In the matter S v H 2007 (3) SA 330 (C), the minor child’s parents were unmarried. The father sought joint custody. Mom took the child to Switzerland without informing the father.

The father submitted to the court that he had the right of custody over the child as provided for in article 3 of The Hague Convention on the Civil Aspects of International Child Abduction (1980).

The court agreed with him and ruled in his favour.

South Africa is a signatory to The Hague Convention as we ratified the Convention in 1996.  The Act came into operation on 1 October 1997.

The Convention’s main objective is to enforce the rights of custody over children who have been wrongfully removed to or kept in a foreign country in breach of those rights and to secure the prompt return of the children to South Africa.

The Office of the Family Advocate deals with matters relating to The Hague Convention, and you will require at least the following:

  • Prescribed questionnaire in English;
  • Recent photographs of the child and the abducting parent;
  • Certified copies of birth certificates;
  • Proof of parental rights, such as court orders (and agreements of settlement, where applicable) regarding the custody, access & guardianship;
  • Certified copy of marriage certificate, if applicable;
  • Details of the child and the abducting parent’s whereabouts or possible location;
  • Sworn translations to English of all relevant documentation.
  • There are particular limitations on the enforcement of The Hague Convention.  

My Ex refuses to consent to removing the Minor Children from South Africa.

If your Ex refuses to allow you to remove the minor children from South Africa, you can approach the court for the necessary relief.

The main criteria that the court will consider are the best interest of the minor children, and each case is decided on its own merits.

What factors does the Court look at?

The court has stated that the question was whether the proposed move was in the best interest of the child; the court had to consider the custodian parent’s interests, the reasonableness of their decision to relocate, the practical and other considerations on which the decision is based, and the extent to which he or she had properly thought through the advantages and disadvantages to the children of the proposed move.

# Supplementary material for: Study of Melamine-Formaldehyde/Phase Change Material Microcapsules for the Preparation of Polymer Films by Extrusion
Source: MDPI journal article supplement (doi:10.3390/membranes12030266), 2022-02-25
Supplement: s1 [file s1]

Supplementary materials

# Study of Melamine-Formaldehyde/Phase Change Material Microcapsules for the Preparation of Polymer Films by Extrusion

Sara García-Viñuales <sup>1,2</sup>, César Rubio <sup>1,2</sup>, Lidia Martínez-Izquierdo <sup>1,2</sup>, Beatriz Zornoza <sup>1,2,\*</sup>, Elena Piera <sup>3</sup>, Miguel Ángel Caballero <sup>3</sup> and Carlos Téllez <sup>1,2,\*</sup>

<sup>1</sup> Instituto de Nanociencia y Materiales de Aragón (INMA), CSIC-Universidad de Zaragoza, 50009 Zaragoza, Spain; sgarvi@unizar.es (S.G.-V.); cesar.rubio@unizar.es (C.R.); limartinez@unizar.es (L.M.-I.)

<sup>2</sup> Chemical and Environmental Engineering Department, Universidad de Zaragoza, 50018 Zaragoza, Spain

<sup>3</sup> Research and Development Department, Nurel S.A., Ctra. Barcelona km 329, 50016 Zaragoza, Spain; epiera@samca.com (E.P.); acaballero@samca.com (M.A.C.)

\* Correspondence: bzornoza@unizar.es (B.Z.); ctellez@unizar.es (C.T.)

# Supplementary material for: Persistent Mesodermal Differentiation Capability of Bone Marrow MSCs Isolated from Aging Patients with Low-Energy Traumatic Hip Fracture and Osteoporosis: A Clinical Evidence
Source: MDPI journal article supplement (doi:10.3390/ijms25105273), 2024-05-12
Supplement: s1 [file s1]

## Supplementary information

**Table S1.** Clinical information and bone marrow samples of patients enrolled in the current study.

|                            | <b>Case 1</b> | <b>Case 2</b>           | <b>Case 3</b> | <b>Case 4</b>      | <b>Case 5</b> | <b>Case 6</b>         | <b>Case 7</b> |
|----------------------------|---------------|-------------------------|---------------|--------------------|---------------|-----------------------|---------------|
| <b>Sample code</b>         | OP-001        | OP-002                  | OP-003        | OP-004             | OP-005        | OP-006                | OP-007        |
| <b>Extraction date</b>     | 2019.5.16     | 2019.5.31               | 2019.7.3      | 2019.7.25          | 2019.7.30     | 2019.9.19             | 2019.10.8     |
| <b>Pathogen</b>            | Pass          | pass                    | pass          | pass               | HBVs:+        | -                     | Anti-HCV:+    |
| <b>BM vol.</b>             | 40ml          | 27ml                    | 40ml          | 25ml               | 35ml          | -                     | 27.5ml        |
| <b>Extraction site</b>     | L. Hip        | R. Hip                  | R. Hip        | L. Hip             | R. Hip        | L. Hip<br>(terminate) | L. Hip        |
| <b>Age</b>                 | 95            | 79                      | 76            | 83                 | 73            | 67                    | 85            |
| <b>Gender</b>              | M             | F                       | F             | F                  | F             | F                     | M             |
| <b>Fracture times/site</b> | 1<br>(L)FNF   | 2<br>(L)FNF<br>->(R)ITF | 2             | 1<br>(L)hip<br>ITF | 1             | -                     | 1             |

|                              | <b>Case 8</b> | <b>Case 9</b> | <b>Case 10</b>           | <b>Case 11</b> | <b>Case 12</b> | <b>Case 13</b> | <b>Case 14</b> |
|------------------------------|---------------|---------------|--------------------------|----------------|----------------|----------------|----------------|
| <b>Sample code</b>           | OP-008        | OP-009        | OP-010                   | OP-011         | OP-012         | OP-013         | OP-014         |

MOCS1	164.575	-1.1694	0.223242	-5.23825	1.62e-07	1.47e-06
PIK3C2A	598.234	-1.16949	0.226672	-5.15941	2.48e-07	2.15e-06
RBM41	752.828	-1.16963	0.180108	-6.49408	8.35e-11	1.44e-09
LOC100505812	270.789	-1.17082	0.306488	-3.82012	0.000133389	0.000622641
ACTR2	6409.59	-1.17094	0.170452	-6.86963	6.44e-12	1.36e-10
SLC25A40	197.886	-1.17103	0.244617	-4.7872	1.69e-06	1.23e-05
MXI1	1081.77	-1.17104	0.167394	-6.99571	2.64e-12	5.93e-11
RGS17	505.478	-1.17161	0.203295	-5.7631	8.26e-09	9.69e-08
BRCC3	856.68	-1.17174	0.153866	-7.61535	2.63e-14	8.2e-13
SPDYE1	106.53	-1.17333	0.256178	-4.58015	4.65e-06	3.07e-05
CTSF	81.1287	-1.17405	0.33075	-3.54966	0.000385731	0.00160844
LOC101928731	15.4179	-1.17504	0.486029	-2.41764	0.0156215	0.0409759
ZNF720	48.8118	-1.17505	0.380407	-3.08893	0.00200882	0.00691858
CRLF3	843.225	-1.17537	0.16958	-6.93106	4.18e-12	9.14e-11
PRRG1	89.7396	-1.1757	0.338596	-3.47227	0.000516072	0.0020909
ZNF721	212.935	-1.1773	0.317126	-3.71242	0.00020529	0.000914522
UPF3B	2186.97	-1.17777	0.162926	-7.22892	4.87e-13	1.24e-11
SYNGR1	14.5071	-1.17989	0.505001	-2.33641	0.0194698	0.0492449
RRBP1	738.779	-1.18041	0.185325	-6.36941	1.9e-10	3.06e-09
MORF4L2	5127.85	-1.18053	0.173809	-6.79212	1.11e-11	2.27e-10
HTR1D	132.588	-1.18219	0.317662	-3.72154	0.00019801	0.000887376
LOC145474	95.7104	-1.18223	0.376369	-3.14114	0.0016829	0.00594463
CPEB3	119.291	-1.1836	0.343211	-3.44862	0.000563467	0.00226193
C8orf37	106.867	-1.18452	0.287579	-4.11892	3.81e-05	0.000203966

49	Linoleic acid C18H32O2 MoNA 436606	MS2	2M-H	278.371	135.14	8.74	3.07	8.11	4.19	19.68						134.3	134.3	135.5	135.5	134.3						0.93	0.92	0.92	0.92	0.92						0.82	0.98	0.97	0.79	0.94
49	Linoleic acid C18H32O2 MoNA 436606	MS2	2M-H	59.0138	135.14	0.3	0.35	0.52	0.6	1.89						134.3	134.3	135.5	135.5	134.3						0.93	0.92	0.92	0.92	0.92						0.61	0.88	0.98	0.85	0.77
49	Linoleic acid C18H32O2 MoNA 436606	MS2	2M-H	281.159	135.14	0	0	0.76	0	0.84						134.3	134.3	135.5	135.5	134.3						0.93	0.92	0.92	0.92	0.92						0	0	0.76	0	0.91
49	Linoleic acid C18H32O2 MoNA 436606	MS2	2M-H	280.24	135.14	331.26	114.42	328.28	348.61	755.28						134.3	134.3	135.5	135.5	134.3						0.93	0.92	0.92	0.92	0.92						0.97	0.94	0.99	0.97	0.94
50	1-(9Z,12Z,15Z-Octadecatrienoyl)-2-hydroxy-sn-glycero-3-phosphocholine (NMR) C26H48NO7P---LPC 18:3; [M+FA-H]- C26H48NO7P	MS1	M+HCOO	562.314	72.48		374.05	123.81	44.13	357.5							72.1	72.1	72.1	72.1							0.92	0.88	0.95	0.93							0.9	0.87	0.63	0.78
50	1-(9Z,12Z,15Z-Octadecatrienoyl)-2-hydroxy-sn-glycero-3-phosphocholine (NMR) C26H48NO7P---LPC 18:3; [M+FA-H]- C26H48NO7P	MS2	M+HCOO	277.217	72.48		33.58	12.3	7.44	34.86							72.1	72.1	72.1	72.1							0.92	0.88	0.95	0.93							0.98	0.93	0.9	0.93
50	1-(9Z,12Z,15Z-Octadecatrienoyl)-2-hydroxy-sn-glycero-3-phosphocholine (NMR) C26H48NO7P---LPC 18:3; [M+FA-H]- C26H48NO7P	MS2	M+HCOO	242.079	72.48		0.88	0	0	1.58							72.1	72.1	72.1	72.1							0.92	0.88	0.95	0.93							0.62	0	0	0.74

In the case of Jackson v Jackson 2002 (2) SA 303 (SCA), the learned Judge said the following:

“…It is no doubt true that, generally speaking, where, following a divorce, the custodian parent wishes to emigrate, a Court will not lightly refuse leave for the children to be taken out of the country if the decision of the custodian parent is shown to be bona fide and reasonable. But this is not because of so-called rights of the custodian parent; it is because, in most cases, even if the access by the non-custodian parent would be materially affected, it would not be in the best interests of the children that the custodian parent would be materially affected, it would not be in the best interests of the children that the custodian parent be thwarted in his or her endeavour to immigrate in pursuance of a decision reasonably and genuinely taken…”

Generally, the courts will allow the primary residence holder to emigrate as long as the emigration is done in good faith. If the applicant wants to emigrate to stop the other party from seeing the children, then the application will likely not succeed.

Practical Example of Urgent Relocation of Minor Child

We had a client that struggled for more than a year to find a job. Her ex refused to pay child maintenance yet refused to consent for our client to leave South Africa after she was offered a job overseas.